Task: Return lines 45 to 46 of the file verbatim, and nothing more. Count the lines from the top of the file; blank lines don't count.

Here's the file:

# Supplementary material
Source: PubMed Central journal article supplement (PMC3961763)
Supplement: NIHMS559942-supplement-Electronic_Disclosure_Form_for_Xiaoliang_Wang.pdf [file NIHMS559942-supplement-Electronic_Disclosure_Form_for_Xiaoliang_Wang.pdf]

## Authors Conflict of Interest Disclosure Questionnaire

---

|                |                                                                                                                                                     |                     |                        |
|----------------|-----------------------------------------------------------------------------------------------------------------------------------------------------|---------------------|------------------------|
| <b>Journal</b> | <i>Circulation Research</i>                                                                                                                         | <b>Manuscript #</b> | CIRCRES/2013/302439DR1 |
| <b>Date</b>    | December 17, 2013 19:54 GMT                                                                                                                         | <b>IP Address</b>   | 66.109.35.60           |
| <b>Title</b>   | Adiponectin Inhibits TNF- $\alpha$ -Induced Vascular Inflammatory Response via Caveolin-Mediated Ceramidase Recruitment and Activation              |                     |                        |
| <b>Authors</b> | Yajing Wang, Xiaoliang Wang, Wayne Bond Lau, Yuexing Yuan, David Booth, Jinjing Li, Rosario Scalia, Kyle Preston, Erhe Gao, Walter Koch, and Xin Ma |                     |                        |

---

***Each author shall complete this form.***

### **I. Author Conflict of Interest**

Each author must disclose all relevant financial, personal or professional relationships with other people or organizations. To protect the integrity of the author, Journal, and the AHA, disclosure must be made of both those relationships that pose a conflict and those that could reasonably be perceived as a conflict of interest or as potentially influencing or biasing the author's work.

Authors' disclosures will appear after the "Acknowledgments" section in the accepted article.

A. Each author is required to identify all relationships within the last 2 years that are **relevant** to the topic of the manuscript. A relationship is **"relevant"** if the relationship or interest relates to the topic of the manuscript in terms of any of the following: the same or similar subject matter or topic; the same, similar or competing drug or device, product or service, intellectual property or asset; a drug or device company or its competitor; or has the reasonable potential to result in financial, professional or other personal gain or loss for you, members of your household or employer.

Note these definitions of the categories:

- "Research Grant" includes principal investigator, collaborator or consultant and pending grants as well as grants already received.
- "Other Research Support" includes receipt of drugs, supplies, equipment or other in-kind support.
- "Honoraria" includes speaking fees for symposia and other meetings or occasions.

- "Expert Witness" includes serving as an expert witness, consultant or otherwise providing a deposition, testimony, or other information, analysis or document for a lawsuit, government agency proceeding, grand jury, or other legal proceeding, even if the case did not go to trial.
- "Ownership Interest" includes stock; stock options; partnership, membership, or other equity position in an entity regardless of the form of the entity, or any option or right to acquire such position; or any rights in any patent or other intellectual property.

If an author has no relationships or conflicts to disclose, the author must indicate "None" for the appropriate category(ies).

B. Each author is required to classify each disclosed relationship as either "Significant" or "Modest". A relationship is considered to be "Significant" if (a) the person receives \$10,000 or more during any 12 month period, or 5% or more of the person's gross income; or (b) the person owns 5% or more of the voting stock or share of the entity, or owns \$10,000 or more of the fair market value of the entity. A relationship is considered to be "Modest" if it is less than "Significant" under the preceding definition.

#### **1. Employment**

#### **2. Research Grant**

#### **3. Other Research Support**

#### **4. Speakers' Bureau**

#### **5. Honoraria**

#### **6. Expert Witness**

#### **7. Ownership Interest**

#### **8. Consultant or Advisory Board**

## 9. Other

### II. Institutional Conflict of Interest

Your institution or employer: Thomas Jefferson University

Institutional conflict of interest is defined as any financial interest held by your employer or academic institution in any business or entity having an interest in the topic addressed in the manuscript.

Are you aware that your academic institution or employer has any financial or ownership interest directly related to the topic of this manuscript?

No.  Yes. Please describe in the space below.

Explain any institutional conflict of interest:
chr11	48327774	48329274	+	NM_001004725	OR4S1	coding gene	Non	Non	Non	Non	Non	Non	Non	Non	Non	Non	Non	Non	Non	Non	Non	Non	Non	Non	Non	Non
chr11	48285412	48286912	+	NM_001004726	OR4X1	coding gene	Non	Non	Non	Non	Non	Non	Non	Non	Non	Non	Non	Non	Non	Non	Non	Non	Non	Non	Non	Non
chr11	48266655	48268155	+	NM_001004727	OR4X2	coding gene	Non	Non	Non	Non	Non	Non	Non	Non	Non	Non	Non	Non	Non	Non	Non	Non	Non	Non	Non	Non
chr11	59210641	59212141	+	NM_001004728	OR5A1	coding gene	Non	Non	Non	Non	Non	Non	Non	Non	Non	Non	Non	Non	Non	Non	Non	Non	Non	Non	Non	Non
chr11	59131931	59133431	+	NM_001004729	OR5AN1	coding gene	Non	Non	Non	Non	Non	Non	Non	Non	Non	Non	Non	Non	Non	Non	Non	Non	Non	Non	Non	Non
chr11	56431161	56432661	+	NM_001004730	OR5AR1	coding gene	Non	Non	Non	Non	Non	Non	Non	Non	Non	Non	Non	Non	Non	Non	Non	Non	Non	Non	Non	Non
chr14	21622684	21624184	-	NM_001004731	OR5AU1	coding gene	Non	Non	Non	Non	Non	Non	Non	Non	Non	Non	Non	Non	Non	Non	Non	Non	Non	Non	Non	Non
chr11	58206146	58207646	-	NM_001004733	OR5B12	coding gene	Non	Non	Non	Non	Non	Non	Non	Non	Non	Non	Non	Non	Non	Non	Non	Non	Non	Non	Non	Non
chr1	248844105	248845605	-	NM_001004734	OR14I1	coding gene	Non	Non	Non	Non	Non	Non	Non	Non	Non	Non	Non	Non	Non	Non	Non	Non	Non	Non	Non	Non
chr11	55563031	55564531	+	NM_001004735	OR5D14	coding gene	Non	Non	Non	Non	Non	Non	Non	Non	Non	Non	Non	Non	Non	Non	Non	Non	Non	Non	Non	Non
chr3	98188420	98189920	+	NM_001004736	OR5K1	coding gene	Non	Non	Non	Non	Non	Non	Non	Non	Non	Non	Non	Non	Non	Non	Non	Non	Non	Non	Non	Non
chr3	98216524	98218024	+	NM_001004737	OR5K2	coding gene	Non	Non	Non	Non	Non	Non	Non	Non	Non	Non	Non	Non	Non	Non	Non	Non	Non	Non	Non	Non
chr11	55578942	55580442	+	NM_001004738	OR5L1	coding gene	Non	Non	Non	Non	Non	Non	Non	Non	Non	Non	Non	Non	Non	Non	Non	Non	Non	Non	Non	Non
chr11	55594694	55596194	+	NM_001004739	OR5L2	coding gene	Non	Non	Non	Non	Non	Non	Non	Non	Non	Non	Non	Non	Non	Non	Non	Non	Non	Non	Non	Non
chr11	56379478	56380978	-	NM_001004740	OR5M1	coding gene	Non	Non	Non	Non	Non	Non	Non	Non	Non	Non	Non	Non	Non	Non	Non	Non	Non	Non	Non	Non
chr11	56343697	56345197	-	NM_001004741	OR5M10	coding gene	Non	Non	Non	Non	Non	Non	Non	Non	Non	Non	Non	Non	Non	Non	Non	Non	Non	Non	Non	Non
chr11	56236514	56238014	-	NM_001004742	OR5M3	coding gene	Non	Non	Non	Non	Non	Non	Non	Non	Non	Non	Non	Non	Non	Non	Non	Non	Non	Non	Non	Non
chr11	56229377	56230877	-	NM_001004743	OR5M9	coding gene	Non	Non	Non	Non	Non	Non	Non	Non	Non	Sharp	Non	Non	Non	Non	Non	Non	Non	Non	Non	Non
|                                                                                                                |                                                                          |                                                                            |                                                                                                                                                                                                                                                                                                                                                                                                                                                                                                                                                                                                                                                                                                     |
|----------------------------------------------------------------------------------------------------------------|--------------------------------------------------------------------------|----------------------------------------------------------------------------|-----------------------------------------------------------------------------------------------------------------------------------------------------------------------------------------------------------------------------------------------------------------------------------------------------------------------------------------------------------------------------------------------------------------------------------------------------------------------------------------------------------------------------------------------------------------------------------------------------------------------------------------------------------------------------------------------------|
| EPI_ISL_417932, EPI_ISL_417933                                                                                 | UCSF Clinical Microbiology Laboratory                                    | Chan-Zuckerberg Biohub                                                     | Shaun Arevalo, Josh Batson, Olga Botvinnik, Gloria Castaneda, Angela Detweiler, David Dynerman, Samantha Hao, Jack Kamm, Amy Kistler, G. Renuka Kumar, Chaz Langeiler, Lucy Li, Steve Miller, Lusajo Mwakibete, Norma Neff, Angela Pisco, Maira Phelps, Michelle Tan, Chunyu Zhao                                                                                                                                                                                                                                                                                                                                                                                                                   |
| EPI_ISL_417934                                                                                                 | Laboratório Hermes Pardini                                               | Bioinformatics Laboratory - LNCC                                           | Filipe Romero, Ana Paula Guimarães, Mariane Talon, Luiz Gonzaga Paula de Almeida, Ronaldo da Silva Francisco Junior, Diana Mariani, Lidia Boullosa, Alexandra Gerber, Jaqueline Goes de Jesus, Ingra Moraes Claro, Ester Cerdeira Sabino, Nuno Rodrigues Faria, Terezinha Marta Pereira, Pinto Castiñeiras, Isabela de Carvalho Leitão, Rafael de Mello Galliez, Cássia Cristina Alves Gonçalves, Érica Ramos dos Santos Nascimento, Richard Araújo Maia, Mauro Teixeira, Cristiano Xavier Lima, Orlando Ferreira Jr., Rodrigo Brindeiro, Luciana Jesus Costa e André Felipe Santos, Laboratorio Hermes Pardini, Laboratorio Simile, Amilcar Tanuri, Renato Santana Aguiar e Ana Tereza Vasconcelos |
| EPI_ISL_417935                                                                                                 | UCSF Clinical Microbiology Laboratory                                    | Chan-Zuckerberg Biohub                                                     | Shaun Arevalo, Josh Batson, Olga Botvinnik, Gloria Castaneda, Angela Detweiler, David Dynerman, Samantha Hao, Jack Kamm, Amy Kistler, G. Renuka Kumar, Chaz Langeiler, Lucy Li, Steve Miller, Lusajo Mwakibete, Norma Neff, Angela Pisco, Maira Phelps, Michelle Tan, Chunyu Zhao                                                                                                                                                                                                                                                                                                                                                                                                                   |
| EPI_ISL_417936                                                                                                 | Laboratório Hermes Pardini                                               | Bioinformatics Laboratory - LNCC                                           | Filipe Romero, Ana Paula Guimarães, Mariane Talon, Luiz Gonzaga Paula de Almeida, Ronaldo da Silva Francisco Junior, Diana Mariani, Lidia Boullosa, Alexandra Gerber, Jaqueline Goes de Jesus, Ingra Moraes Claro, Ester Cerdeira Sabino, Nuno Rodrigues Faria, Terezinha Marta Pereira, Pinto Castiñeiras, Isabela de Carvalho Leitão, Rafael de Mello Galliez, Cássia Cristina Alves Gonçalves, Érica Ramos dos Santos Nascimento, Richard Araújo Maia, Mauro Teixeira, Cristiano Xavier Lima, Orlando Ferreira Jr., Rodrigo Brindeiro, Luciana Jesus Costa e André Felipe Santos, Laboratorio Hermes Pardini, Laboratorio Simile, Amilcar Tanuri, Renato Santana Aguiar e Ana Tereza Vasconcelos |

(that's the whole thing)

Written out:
chr11	59131931	59133431	+	NM_001004729	OR5AN1	coding gene	Non	Non	Non	Non	Non	Non	Non	Non	Non	Non	Non	Non	Non	Non	Non	Non	Non	Non	Non	Non
chr11	56431161	56432661	+	NM_001004730	OR5AR1	coding gene	Non	Non	Non	Non	Non	Non	Non	Non	Non	Non	Non	Non	Non	Non	Non	Non	Non	Non	Non	Non